So your club's failed Super League split has left you sick. Why not find a new team to support?

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Manchester United fans break into Carrington training grounds (1:08)

Julien Laurens explains why fallout of the European Super League has led fans of Man United to break in to the training ground. (1:08)

It's been quite a week if, like millions of football fans, you had to process the shock news that your favourite football club was in the process of breaking away to form a lucrative new European Super League.

For supporters of the 12 would-be "founder" clubs, this was doubtless a source of great soul-searching for you -- yes, you, a supporter who has dedicated a significant portion of your life to following said club through thick and thin.

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The entire Super League project may have imploded within 48 hours of going public but the fallout is set to hang over the upper echelons of the game like a foul miasma for a long time to come. True supporters are unlikely to ever forget, or fully forgive, the attempted power grab. Fans of the clubs involved have made their voices heard on social media and by publicly protesting. Most recently. Manchester United supporters broke into the club's Carrington training base on Thursday morning.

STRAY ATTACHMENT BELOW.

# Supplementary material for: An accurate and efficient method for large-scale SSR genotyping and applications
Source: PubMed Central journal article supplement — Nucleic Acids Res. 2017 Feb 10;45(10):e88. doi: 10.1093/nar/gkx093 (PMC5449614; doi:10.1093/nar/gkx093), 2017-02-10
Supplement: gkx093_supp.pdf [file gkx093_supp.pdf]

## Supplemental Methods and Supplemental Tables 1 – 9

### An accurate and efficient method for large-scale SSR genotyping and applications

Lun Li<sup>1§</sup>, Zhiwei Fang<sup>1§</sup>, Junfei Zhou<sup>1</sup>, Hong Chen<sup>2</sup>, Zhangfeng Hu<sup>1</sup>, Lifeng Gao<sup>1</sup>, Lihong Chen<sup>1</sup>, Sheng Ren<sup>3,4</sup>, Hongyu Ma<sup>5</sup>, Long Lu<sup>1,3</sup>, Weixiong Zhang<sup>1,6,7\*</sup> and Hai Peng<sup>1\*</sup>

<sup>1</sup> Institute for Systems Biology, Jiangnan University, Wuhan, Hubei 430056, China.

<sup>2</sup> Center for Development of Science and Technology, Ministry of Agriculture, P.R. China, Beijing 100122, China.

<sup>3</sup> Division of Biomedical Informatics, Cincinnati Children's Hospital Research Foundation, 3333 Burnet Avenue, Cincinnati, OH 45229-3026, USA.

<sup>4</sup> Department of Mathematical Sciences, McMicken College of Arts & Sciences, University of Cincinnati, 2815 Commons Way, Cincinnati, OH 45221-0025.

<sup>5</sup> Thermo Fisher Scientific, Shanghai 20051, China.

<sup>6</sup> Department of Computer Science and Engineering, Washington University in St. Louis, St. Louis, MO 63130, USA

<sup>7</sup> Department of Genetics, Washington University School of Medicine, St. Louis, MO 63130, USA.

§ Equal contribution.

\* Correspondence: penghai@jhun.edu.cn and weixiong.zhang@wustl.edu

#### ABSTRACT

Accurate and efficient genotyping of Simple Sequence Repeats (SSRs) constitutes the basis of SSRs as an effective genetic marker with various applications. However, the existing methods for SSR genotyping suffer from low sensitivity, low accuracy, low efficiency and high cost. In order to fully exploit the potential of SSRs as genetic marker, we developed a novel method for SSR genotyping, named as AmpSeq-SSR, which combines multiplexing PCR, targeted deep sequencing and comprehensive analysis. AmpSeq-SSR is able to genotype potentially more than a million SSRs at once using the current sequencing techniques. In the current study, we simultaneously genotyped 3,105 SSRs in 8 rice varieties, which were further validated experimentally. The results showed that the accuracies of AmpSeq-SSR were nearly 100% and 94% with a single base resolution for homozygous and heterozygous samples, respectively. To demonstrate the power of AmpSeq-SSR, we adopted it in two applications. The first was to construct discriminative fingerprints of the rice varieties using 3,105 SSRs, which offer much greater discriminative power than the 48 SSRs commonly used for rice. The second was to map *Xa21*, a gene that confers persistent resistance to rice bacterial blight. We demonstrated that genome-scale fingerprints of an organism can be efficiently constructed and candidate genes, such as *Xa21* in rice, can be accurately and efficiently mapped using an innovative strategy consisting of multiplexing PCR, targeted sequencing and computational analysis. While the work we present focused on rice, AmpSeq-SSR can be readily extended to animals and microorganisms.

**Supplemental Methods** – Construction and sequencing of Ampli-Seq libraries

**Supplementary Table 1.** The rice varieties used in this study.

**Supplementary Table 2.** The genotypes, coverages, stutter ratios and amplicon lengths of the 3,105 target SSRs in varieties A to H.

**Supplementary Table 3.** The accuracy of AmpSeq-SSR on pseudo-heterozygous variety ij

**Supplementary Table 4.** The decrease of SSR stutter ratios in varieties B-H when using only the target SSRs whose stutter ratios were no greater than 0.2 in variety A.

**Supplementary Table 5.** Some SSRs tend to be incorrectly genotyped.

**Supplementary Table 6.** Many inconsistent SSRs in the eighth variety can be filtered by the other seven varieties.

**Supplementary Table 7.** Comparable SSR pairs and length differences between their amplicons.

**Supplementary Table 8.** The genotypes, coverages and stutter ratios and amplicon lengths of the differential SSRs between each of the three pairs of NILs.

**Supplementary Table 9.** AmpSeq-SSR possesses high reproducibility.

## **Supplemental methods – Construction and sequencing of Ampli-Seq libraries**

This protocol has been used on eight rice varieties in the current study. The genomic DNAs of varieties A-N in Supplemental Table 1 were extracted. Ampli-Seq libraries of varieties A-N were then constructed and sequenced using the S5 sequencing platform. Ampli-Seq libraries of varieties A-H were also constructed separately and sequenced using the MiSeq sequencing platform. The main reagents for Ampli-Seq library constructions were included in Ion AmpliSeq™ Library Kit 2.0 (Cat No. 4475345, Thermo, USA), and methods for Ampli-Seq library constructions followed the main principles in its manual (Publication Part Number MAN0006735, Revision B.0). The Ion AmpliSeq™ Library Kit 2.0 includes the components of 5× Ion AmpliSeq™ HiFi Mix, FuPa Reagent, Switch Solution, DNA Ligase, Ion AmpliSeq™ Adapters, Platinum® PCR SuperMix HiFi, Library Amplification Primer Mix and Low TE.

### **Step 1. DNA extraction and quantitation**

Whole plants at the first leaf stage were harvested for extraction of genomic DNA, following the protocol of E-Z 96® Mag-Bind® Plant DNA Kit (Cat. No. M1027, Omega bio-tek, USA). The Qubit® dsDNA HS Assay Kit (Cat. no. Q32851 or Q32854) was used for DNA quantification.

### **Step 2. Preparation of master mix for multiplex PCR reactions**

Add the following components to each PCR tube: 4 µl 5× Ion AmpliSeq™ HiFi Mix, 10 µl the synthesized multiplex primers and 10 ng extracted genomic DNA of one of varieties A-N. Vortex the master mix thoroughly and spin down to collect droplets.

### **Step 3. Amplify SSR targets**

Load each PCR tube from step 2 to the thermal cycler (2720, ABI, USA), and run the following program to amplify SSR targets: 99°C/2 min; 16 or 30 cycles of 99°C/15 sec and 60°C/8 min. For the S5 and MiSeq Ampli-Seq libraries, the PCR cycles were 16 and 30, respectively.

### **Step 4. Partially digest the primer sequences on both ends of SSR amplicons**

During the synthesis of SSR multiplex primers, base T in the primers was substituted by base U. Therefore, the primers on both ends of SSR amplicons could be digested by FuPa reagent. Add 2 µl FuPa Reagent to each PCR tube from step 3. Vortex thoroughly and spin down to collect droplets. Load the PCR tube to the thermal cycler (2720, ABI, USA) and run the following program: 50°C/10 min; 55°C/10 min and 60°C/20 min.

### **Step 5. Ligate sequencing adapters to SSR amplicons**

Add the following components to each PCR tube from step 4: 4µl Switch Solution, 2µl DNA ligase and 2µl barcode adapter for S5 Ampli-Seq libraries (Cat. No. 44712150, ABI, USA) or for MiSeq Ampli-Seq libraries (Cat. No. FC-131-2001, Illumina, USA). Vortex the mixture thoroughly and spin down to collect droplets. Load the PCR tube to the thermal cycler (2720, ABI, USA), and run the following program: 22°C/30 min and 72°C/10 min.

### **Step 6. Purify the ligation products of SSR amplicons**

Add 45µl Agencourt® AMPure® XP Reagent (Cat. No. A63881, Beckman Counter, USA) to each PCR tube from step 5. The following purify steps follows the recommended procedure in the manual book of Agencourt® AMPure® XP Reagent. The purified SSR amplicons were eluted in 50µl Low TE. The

The anger and frustration (though not the trespassing) is perfectly understandable to all who love the game, but infuriated fans of the main offenders should not lose hope. Even if your (once) beloved football club don't appear to care about the distress they are causing you, there is a way forward.

We are all facing tough and uncertain times. For those fans suddenly left in the lurch by the 12 Super League founder clubs in question -- Arsenal, Chelsea, Liverpool, Manchester City, Manchester United and Tottenham Hotspur in England, Spanish sides Barcelona, Real Madrid, Atletico Madrid and Italian trio AC Milan, Inter Milan and Juventus -- desperate times call for desperate measures.

Even if you're feeling jaded, and your relationship with the game has taken a significant hit, remember that the embers still smoulder and that your love of football will likely burn on forever. Perhaps it's time to do the unthinkable and start afresh, somewhere new? Thankfully, you still have options.